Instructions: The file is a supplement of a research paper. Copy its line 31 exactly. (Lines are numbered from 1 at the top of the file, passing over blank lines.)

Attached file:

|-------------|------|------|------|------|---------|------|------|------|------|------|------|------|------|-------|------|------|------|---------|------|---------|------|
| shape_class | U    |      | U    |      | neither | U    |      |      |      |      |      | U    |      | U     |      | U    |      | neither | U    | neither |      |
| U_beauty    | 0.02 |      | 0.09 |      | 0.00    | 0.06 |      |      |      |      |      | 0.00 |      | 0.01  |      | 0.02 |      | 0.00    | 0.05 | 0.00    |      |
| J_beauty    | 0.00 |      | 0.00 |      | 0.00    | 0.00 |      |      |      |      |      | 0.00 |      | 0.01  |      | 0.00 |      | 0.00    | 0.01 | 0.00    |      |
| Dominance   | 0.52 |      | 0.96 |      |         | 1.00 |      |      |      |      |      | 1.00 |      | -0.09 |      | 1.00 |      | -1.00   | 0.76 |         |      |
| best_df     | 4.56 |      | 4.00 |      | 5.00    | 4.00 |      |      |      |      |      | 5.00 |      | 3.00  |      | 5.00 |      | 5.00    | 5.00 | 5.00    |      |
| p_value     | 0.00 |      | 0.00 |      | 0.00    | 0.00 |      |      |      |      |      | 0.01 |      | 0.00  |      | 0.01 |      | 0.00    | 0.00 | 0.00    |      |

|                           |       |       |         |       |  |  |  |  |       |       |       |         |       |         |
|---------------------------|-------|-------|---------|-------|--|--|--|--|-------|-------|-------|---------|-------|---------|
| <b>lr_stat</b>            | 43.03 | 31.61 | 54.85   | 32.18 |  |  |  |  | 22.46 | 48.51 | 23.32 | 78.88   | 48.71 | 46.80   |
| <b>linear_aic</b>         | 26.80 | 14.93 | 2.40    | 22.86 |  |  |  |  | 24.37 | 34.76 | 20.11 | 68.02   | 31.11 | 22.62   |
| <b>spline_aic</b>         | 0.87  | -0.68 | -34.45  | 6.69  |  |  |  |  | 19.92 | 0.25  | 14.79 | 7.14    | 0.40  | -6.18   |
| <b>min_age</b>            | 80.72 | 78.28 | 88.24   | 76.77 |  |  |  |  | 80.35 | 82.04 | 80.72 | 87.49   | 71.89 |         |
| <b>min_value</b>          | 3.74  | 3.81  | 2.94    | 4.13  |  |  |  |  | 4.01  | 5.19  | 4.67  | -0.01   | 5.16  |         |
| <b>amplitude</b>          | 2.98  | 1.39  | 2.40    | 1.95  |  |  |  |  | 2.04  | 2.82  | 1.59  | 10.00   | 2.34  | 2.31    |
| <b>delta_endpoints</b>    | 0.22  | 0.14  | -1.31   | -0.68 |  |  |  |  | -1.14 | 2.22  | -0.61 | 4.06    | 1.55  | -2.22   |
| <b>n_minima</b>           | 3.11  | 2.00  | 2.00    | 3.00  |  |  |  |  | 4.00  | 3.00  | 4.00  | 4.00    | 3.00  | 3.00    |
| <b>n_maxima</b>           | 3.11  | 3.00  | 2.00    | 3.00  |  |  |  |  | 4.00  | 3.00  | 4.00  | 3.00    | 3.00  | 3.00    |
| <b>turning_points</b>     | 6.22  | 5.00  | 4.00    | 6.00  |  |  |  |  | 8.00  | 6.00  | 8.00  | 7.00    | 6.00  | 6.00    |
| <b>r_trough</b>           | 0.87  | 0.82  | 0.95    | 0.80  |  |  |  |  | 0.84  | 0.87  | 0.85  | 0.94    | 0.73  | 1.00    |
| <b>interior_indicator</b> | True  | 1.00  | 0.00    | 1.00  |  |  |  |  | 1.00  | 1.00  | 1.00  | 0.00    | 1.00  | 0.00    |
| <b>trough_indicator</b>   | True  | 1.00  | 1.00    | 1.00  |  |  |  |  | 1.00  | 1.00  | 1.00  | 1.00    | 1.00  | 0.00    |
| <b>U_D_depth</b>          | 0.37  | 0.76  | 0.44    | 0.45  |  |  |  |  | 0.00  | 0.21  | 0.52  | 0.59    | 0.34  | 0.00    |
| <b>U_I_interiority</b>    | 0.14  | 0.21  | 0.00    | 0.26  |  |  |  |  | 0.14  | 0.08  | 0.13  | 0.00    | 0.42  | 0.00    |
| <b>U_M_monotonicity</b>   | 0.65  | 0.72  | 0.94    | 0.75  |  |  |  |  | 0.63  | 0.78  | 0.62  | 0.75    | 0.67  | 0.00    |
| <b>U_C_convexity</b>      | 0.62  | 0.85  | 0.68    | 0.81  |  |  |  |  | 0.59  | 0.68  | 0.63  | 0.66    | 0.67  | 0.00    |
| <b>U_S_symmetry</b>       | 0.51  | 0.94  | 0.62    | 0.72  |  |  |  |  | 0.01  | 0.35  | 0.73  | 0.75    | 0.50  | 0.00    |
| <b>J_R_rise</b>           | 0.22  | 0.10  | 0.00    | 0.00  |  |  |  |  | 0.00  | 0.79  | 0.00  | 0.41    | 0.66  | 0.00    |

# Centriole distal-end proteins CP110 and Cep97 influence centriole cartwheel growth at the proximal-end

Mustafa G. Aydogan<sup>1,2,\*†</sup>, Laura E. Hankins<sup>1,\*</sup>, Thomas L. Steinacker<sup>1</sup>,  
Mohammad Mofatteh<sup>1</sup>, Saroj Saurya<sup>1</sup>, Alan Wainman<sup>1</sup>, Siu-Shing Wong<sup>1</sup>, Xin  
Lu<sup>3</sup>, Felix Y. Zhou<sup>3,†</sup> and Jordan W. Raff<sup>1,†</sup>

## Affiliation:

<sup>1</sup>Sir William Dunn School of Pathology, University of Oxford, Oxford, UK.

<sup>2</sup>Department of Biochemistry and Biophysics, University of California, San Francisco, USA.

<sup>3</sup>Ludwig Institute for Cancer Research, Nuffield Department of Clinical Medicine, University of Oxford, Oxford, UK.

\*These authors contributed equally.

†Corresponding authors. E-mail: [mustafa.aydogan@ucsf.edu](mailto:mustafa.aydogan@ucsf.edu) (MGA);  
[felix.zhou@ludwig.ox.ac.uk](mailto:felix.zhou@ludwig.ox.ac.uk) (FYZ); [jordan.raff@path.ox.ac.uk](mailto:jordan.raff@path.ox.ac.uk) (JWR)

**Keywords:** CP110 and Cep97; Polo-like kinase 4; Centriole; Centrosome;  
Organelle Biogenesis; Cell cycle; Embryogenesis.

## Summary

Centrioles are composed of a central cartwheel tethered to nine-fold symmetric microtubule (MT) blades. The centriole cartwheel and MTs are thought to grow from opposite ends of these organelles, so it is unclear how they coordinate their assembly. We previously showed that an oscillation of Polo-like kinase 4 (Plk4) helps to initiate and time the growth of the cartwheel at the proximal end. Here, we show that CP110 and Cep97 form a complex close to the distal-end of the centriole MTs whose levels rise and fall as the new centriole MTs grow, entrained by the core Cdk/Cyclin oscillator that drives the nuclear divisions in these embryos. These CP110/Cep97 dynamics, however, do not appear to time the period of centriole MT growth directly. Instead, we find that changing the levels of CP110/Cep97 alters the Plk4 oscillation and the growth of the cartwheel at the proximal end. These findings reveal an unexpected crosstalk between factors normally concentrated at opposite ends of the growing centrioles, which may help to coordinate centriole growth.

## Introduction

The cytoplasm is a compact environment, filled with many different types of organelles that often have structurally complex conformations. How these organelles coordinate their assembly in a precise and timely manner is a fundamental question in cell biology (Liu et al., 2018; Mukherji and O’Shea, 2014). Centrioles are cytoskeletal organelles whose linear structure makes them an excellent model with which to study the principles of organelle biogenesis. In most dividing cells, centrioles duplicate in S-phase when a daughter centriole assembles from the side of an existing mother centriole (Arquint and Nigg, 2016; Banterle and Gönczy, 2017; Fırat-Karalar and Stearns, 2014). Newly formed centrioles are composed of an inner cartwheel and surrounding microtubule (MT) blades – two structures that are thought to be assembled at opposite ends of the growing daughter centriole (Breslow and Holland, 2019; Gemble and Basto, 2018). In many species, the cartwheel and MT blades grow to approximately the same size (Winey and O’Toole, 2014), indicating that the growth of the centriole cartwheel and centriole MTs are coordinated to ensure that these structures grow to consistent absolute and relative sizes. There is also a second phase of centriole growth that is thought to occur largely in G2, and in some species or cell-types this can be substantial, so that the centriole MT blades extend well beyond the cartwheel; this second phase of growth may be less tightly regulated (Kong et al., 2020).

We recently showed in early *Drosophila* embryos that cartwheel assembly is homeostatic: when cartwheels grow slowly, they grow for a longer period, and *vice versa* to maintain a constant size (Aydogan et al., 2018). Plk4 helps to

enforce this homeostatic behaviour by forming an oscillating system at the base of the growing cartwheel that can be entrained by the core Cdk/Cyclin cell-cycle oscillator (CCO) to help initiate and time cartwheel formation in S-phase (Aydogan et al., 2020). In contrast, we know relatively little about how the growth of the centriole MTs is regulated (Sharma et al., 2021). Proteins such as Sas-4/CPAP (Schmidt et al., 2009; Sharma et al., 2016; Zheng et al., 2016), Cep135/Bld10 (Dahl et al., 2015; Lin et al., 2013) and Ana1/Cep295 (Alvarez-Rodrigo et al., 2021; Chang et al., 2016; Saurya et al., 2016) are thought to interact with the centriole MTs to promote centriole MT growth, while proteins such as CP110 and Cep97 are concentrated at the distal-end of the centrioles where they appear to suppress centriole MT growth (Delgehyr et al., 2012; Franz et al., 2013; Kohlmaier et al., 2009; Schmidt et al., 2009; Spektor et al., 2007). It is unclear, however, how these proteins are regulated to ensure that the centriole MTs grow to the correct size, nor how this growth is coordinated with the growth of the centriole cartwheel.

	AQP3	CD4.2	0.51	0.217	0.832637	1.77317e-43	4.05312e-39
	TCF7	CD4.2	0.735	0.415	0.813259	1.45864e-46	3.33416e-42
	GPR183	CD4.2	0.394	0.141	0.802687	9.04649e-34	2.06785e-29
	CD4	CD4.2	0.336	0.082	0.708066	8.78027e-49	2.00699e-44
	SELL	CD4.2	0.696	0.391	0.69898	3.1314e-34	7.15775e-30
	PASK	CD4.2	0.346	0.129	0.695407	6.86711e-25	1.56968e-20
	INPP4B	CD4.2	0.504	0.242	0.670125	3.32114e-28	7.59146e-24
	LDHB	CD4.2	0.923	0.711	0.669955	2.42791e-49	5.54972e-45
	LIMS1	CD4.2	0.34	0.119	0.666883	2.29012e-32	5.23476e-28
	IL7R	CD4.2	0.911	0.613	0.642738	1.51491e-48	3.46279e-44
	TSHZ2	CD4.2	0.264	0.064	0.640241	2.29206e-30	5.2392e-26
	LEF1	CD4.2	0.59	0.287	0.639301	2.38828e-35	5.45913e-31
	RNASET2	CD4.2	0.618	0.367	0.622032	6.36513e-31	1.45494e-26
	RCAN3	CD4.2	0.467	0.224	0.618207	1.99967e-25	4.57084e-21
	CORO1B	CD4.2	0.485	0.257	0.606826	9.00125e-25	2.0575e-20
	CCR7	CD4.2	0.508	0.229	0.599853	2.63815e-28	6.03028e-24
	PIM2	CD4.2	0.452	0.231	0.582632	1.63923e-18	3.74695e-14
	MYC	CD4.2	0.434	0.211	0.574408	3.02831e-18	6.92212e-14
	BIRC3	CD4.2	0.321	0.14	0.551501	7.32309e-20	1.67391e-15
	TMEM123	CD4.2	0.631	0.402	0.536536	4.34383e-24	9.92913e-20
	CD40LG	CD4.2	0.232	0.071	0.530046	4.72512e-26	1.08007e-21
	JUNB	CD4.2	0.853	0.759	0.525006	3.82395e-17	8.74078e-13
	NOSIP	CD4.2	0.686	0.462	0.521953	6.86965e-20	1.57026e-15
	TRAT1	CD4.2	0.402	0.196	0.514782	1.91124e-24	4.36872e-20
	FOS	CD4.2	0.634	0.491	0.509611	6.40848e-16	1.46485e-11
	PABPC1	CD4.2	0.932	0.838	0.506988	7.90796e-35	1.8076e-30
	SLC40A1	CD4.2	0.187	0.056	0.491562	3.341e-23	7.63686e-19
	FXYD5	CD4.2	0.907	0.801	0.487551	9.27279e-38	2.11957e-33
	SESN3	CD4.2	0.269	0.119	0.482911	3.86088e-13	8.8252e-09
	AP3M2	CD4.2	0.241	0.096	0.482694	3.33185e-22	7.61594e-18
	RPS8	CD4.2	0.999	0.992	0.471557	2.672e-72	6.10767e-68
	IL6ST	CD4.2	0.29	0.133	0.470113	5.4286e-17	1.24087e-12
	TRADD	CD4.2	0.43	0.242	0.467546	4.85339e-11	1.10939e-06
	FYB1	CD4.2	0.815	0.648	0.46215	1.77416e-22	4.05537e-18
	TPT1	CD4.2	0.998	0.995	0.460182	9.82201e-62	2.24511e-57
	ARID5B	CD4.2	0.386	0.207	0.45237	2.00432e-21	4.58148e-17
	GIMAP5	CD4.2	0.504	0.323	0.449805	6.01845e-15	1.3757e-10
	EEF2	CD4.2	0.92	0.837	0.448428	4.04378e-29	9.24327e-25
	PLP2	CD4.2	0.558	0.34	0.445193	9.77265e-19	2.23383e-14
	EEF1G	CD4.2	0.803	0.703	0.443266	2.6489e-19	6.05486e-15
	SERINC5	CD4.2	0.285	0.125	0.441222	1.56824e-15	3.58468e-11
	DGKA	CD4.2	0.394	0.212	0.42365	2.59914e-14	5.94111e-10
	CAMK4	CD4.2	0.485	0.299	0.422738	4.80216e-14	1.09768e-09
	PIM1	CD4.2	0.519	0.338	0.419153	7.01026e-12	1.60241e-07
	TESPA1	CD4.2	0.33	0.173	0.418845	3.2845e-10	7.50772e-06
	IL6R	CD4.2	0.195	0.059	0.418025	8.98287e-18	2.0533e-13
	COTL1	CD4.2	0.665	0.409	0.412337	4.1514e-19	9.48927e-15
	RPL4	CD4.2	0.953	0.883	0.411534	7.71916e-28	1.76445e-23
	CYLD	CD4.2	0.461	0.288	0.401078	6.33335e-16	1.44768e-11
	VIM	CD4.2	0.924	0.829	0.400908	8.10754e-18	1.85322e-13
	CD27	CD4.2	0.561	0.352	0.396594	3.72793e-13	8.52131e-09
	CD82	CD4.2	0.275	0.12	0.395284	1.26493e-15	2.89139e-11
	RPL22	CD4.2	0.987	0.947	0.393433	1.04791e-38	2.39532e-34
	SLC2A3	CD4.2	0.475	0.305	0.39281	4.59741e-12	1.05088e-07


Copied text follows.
Mohammad Mofatteh<sup>1</sup>, Saroj Saurya<sup>1</sup>, Alan Wainman<sup>1</sup>, Siu-Shing Wong<sup>1</sup>, Xin  